Equity Through Engagement

To advance child health equity in California, The Children’s Partnership, the California Children’s Trust, and the Georgetown Center on Poverty and Inequality launched The Equity Through Engagement (ETE) project. This project examines opportunities to integrate community partnerships and interventions into California’s Medi-Cal financing and delivery systems to advance child health equity, including through addressing social drivers of health (SDOHs). 

From Exclusion to Opportunity: The Role of Postsecondary Education in Labor Force Segregation & Recommendations for Action

A four-year postsecondary degree offers opportunities for a higher income and upward economic mobility. However, postsecondary education—historically inaccessible to people of color and women—also plays a key role in reproducing and amplifying societal inequities by sorting students into specialized fields of study by race and gender, contributing to a segregated labor force. This report examines the link between postsecondary field of study and labor market segregation using an original quantitative analysis. This report presents four principles and corresponding recommendations that postsecondary institutions and policymakers can use to reduce racial and gender segregation across fields of study, increase degree attainment, and ultimately, ameliorate labor market segregation.

A Growing Problem: How Market Power in Agriculture Fuels Racial & Economic Inequality

Market power and corporate consolidation have increased in recent decades, concentrating economic and political power among fewer corporations across the country. This report examines the implications of market power in the agricultural sector–particularly in crop production, animal production, and animal slaughtering. Market power, deeply intertwined with economic inequality and structural racism, contributes to low pay, dangerous working conditions, and other harms to workers of color.

Concentrated Power, Concentrated Harm: Market Power’s Role in Creating & Amplifying Racial & Economic Inequality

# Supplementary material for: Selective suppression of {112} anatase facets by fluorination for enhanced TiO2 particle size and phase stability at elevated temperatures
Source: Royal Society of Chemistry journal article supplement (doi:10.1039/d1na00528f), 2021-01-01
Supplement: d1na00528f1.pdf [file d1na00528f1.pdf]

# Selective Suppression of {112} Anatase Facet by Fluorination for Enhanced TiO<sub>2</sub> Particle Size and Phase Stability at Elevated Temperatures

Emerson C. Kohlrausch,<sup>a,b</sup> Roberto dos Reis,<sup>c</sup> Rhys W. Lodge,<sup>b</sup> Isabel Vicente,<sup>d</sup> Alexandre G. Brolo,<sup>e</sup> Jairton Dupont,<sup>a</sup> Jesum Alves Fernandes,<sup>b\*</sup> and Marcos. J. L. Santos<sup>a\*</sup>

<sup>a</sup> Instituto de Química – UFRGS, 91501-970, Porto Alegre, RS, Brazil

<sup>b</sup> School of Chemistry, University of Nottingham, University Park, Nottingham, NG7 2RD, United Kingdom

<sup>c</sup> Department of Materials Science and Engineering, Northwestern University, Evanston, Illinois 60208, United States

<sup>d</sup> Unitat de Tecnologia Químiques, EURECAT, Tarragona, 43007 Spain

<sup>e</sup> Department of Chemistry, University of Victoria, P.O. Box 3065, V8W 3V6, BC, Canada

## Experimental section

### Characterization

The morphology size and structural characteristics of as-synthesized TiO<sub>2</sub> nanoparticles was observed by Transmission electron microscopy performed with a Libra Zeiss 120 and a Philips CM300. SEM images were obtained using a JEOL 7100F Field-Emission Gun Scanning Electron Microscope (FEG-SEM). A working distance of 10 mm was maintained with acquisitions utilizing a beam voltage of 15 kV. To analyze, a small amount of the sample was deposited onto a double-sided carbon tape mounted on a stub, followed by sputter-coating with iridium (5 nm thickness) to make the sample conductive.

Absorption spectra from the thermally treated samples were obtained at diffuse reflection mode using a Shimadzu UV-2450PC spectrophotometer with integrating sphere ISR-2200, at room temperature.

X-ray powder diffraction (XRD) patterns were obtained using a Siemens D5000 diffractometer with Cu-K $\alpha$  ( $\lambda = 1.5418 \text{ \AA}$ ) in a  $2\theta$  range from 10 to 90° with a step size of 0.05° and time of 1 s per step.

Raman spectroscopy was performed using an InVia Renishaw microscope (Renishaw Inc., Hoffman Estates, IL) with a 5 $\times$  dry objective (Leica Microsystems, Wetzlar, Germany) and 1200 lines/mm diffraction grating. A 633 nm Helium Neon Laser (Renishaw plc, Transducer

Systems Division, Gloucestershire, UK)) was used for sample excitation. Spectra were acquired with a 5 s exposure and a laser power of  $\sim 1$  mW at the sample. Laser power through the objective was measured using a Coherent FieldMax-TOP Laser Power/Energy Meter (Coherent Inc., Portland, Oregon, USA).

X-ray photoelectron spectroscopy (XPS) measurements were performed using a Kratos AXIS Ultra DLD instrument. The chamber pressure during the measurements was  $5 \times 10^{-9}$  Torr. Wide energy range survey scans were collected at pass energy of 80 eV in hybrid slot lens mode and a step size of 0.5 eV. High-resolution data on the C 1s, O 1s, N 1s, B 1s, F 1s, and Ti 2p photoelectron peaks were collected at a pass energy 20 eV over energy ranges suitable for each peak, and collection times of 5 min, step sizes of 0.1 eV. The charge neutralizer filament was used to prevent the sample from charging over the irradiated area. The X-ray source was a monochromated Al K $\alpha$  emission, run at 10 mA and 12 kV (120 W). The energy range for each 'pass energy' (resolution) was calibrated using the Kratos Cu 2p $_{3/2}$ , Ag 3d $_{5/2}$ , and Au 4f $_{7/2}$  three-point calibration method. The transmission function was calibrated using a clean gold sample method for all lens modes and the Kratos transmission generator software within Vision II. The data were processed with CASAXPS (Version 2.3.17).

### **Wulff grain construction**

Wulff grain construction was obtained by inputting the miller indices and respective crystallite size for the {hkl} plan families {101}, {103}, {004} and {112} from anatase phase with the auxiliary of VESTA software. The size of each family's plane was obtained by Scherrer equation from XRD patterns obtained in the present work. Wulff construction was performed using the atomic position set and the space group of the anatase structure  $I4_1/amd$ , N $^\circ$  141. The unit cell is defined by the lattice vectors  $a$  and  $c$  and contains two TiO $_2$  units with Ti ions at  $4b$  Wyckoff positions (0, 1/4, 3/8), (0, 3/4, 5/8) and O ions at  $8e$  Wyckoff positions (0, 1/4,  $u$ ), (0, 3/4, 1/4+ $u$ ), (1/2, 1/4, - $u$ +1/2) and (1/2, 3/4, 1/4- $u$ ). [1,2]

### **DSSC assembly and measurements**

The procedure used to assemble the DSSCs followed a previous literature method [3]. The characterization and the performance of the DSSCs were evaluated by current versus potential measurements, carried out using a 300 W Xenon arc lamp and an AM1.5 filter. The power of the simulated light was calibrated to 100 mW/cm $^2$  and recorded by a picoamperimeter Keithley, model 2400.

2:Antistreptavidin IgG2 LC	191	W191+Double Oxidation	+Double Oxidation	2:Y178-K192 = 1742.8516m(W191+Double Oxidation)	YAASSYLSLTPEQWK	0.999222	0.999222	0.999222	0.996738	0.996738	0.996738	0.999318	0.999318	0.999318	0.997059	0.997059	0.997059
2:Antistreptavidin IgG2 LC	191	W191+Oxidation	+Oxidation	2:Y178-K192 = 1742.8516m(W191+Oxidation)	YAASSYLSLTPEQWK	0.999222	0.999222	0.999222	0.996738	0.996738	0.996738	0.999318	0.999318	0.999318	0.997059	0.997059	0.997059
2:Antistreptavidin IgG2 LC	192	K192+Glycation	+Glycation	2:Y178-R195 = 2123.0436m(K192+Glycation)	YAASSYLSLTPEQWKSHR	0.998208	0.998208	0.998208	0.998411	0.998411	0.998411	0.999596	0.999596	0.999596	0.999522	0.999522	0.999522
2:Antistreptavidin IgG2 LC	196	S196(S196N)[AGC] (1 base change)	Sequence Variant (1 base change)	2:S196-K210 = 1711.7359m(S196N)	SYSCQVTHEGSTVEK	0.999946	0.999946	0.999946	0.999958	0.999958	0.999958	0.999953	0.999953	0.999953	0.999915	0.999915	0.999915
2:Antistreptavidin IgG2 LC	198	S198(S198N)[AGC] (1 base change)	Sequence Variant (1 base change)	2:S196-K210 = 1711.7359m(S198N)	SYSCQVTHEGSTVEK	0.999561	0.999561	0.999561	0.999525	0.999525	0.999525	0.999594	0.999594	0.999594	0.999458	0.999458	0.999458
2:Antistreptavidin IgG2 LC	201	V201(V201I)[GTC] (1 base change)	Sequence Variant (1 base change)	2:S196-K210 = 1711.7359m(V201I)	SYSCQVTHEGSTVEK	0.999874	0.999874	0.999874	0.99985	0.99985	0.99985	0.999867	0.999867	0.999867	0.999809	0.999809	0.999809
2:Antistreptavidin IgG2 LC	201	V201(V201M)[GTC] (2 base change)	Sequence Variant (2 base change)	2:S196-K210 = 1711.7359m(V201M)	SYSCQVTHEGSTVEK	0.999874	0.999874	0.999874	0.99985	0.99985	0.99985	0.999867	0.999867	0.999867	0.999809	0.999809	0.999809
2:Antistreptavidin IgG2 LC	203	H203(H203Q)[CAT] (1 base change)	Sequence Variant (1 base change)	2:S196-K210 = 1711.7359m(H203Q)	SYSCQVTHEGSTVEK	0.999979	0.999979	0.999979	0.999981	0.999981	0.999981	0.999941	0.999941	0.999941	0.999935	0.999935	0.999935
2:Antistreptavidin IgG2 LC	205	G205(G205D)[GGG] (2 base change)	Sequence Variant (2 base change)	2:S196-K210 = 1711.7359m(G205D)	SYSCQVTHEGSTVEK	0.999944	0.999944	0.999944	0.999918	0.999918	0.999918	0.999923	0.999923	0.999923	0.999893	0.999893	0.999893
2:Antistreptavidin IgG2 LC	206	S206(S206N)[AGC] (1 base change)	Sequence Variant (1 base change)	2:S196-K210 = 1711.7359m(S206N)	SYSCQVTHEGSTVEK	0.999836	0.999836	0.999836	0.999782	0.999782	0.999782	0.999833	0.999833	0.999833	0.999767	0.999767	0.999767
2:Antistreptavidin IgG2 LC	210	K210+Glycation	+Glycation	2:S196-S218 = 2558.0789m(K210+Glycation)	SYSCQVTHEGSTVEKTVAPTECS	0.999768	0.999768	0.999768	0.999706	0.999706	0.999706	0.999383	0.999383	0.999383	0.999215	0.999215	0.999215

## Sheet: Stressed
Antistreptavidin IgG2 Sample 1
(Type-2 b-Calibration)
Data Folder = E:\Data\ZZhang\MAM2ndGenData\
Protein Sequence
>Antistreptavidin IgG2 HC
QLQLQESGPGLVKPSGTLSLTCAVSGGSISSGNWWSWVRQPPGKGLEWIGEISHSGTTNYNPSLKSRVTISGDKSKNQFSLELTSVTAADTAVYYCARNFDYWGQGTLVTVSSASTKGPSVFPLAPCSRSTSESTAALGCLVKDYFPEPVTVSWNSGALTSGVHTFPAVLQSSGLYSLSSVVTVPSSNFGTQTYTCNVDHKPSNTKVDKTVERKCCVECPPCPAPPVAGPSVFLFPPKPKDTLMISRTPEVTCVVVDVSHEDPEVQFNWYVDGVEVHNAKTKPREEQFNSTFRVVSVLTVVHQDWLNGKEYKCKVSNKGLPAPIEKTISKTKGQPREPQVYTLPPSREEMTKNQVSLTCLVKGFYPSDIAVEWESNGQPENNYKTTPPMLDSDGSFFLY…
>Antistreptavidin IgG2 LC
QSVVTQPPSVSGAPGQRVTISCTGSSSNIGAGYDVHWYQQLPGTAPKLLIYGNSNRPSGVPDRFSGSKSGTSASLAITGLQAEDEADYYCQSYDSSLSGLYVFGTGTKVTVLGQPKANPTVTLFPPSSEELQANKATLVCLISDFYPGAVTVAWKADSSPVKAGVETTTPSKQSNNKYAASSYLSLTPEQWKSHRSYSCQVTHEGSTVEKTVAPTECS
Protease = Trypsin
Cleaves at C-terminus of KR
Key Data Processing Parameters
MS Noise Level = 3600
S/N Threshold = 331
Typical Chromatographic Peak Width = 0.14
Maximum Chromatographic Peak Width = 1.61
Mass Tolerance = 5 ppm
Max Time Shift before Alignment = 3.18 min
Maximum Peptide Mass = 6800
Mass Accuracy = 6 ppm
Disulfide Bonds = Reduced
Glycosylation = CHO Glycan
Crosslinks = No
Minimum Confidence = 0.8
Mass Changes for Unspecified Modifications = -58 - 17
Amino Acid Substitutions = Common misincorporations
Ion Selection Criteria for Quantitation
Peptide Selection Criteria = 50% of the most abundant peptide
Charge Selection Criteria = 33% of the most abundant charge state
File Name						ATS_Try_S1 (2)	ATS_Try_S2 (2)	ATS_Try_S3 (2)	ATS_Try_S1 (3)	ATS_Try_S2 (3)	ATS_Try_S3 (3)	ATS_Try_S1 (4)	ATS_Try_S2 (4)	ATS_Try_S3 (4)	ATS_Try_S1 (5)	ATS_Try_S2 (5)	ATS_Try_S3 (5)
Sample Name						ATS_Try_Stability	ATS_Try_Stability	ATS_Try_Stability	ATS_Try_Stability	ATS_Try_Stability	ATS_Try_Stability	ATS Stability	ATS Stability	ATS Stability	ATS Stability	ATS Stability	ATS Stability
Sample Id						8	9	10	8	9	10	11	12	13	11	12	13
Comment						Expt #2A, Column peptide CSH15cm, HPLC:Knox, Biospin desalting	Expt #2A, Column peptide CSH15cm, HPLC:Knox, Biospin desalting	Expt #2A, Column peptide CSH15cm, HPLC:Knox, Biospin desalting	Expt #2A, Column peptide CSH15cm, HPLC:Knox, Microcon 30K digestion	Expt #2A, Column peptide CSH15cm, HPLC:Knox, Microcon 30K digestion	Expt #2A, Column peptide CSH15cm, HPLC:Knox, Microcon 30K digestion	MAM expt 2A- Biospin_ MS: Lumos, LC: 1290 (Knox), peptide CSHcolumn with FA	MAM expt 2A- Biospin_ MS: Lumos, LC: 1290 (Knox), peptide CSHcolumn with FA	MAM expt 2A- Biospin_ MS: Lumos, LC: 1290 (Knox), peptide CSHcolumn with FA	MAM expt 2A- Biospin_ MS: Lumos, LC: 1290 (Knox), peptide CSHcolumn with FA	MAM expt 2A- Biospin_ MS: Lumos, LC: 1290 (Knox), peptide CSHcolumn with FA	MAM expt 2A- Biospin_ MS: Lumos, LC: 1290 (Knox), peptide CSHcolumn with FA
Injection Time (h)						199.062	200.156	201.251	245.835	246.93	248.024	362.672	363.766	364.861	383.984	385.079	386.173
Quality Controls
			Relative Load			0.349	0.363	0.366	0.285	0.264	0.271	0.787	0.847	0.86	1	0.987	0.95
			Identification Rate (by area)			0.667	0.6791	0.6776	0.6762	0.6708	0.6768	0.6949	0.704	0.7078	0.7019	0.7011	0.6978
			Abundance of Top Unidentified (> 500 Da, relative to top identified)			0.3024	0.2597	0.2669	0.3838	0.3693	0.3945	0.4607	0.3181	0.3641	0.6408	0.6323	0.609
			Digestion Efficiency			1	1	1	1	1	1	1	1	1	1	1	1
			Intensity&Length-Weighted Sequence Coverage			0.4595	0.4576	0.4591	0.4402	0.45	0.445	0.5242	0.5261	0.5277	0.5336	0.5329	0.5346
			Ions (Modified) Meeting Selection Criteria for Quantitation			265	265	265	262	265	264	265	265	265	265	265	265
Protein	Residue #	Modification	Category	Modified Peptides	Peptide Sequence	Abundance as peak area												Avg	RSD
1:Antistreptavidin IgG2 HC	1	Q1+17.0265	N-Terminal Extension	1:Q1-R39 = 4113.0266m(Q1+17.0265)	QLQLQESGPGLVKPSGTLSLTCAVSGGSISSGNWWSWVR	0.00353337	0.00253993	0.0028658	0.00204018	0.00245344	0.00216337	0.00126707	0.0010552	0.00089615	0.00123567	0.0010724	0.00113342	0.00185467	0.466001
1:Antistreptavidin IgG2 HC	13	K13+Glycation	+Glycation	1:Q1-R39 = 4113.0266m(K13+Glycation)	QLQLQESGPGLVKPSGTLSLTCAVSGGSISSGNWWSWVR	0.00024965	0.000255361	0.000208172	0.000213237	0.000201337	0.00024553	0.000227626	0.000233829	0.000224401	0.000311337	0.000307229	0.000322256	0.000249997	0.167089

Market power exists when one or more companies can profitably set prices for goods, services, and wages; and determine the quality, accessibility, and availability of goods and services. Market power, intertwined with deeply entrenched structural racism and class inequality, can have life-or-death consequences. This report explores the real-world impact of market power on the lives of people of color and people with low incomes–as workers, consumers, and entrepreneurs–their communities, and society at large. The research shows that market power contributes to economic insecurity and hardship in low-income communities and communities of color, including by driving down wages and benefits; limiting and controlling the availability of goods, services, and jobs; and undermining American prosperity and democracy.

The Lasting Legacy of Exclusion: How the Law that Brought Us Temporary Assistance for Needy Families Excluded Immigrant Families & Institutionalized Racism in our Social Support System

In 1996, the Personal Responsibility and Work Opportunity Act (PRWORA) radically transformed our system of social supports. In addition to decimating cash assistance for families, the law’s immigrant exclusions exacerbated economic and racial inequities and harmed children and families in the 25 years since. This report—published jointly with the Center for the Study of Social Policy—examines the racist roots of PRWORA’s anti-immigrant exclusions and highlights the law’s role in institutionalizing and legitimizing anti-immigrant exclusion in a range of public benefits and tax credits.

Obstacles to Opportunity: Increasing College Success by Understanding & Addressing Older Students’ Costs Beyond Tuition

Higher education offers millions of people the opportunity to improve their financial well-being. However, higher education is prohibitively expensive and can saddle people with insurmountable debt. Costs beyond tuition—such as housing, food, child care, and transportation—are large, essential components of the cost of attending college for students. In order to better understand how these living costs add up and vary, this report offers estimates of costs beyond tuition for older students between the ages of 25 – 45, who make up roughly one-third of college students and face unique barriers to college access and completion. The report shows that the real cost of college for older students is higher than commonly understood, examines older students’ challenges with financial aid and public benefits programs, and offers policy recommendations to address costs beyond tuition and improve college access and success for older students.